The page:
Dom Casmurro Chapter 58


One Monday, as I was returning to the seminary, I saw a lady fall in the street. My first reaction should have been one of pity or laughter. It was neither, for – and this is what I would like to have written in Latin – the lady had on very clean stockings and did not soil them, and she was wearing silk garters and did not lose them. Several persons ran to assist her, but they were not in time to help her up. She jumped to her feet greatly vexed, dusted her skirts off, thanked them and disappeared down the next street.

‘This craze for imitating the French girls on the Rua do Ouvidor’, said José Dias as he walked along and commented on the incident, ‘is palpably silly. Our young ladies should walk as they have always walked, in a sedate, leisurely way and not with this Frenchified clickety-clack gait …’

I scarcely heard him. The lady’s stockings and garters gleamed white and swam before my eyes, seemed to walk and fall, get up and march off. When we reached the corner I looked down the side street and in the distance saw the unfortunate lady going along at the same pace, clickety-clack …

‘She doesn’t seem to have hurt herself,’ I commented.

‘So much the better for her, but she must have scraped her knees. This racing about is an affectation.’

I believe it was ‘affectation’ that he said. I was still thinking about ‘scraped knees’. From then on, outside the seminary I did not see a woman on the street but that I wished her a fall. Some, I surmised, had on smooth-fitting stockings and snug garters … There may even have been some who did not wear stockings at all. But I saw them with them on … Or … That, too, is possible.

I am interspersing this with ellipses so as to give an impression of my thoughts, which were diffuse and confused. But I am probably not conveying my meaning at all. My head was hot and my step unsteady. My first hour back at the seminary was unbearable. The cassocks had the the look of skirts and reminded me of the lady’s fall. It was no longer one woman I saw fall. All those I had encountered on the street now showed me a glimpse of their blue garters. Yes, they were blue. At night I dreamed of them. A multitude of abominable creatures walked about me, clickety-clack, clickety-clack … Some were fair, some slender, others stout, all agile as the devil. I awoke, I sought to banish them, but no sooner did I get back to sleep than they returned, and taking one another’s hands they wheeled about me in a vast circle of skirts – or in the air they rained down feet and legs upon my head. This went on till dawn. I slept no more. I recited paternosters, Ave Marias and credos. And since this book is the unvarnished truth, I must confess that I had to interrupt more than one prayer to go off in the darkness after a shadowy figure, clickety-clack, clickety-clack … then quickly took up the prayer again, in the middle, as if there had been no interruption; but I am sure I did not continue where I had left off.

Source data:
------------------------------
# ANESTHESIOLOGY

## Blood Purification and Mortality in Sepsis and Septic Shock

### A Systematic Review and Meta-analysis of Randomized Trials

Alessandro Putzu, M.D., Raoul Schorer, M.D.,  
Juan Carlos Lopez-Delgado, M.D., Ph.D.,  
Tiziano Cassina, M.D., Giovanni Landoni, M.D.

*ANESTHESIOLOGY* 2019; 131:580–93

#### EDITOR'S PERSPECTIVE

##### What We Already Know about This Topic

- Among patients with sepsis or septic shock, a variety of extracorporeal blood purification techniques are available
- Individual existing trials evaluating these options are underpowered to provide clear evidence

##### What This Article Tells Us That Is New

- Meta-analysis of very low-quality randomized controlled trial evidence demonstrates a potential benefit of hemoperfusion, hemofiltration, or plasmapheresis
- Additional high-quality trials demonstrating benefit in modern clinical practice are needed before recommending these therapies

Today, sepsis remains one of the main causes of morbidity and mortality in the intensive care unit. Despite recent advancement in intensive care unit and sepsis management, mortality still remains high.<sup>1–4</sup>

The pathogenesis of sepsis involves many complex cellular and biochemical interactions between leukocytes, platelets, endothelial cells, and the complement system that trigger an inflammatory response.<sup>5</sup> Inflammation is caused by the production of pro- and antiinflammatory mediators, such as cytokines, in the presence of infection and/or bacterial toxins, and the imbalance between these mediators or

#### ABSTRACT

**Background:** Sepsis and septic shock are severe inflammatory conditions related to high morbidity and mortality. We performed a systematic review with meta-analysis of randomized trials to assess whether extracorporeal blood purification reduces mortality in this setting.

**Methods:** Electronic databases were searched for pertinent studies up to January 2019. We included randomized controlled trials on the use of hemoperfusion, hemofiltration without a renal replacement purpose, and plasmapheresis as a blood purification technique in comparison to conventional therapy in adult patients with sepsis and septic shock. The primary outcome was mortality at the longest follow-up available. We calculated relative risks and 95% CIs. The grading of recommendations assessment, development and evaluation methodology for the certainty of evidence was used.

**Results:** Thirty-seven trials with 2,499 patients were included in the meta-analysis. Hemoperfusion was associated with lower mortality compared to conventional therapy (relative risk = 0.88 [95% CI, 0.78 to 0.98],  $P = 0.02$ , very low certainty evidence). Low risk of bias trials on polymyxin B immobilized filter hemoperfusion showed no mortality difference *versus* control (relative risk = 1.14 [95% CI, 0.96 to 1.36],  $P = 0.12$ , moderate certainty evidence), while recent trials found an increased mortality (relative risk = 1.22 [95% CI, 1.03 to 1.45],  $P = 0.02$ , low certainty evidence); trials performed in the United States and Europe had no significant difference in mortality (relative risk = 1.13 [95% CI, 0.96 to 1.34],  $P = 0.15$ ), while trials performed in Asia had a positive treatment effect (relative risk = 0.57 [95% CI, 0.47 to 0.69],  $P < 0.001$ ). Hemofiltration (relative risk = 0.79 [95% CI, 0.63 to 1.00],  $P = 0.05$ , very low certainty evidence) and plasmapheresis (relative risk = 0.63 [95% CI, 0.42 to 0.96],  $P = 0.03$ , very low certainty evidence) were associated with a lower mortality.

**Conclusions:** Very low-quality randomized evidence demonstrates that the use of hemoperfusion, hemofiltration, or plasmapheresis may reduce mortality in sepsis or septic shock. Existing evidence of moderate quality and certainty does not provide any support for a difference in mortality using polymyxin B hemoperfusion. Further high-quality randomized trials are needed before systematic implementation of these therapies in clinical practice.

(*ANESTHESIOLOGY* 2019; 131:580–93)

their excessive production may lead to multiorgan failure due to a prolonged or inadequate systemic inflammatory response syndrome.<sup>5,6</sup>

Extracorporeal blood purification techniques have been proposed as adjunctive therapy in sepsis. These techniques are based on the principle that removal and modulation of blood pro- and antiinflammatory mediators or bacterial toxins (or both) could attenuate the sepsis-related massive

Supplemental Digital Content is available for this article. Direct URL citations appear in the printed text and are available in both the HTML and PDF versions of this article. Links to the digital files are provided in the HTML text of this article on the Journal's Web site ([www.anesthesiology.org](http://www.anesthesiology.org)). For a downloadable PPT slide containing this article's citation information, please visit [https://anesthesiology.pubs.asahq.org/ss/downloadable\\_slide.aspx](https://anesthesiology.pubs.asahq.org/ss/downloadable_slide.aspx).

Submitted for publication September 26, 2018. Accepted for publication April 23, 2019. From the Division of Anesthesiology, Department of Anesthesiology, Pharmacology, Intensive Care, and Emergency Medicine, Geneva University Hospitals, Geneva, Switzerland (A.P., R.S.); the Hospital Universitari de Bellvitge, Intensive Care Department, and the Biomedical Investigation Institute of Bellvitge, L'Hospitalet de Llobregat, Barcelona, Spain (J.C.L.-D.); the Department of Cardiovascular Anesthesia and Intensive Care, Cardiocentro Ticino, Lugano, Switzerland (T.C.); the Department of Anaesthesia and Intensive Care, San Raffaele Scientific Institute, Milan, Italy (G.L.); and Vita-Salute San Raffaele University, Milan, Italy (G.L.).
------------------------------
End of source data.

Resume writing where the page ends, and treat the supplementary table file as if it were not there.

When the evil returned later in the morning I tried to conquer it but in a way that would not entirely destroy it. You who are learned in the Scriptures may divine what it was. Even so, since I could not wholly cast out the images from me I resorted to a treaty between my conscience and my imagination. The female visions would henceforth be looked upon as simple incarnations of the vices, and as such to be contemplated – as the best method of tempering the character and strengthening it to face the harsh vicissitudes of life. I did not formulate this in words, nor was it necessary to do so. The pact was made tacitly, with some repugnance, but it was made. And for several days it was I who summoned these visions to fortify myself, and I did not cast them from me until they themselves grew weary and disappeared.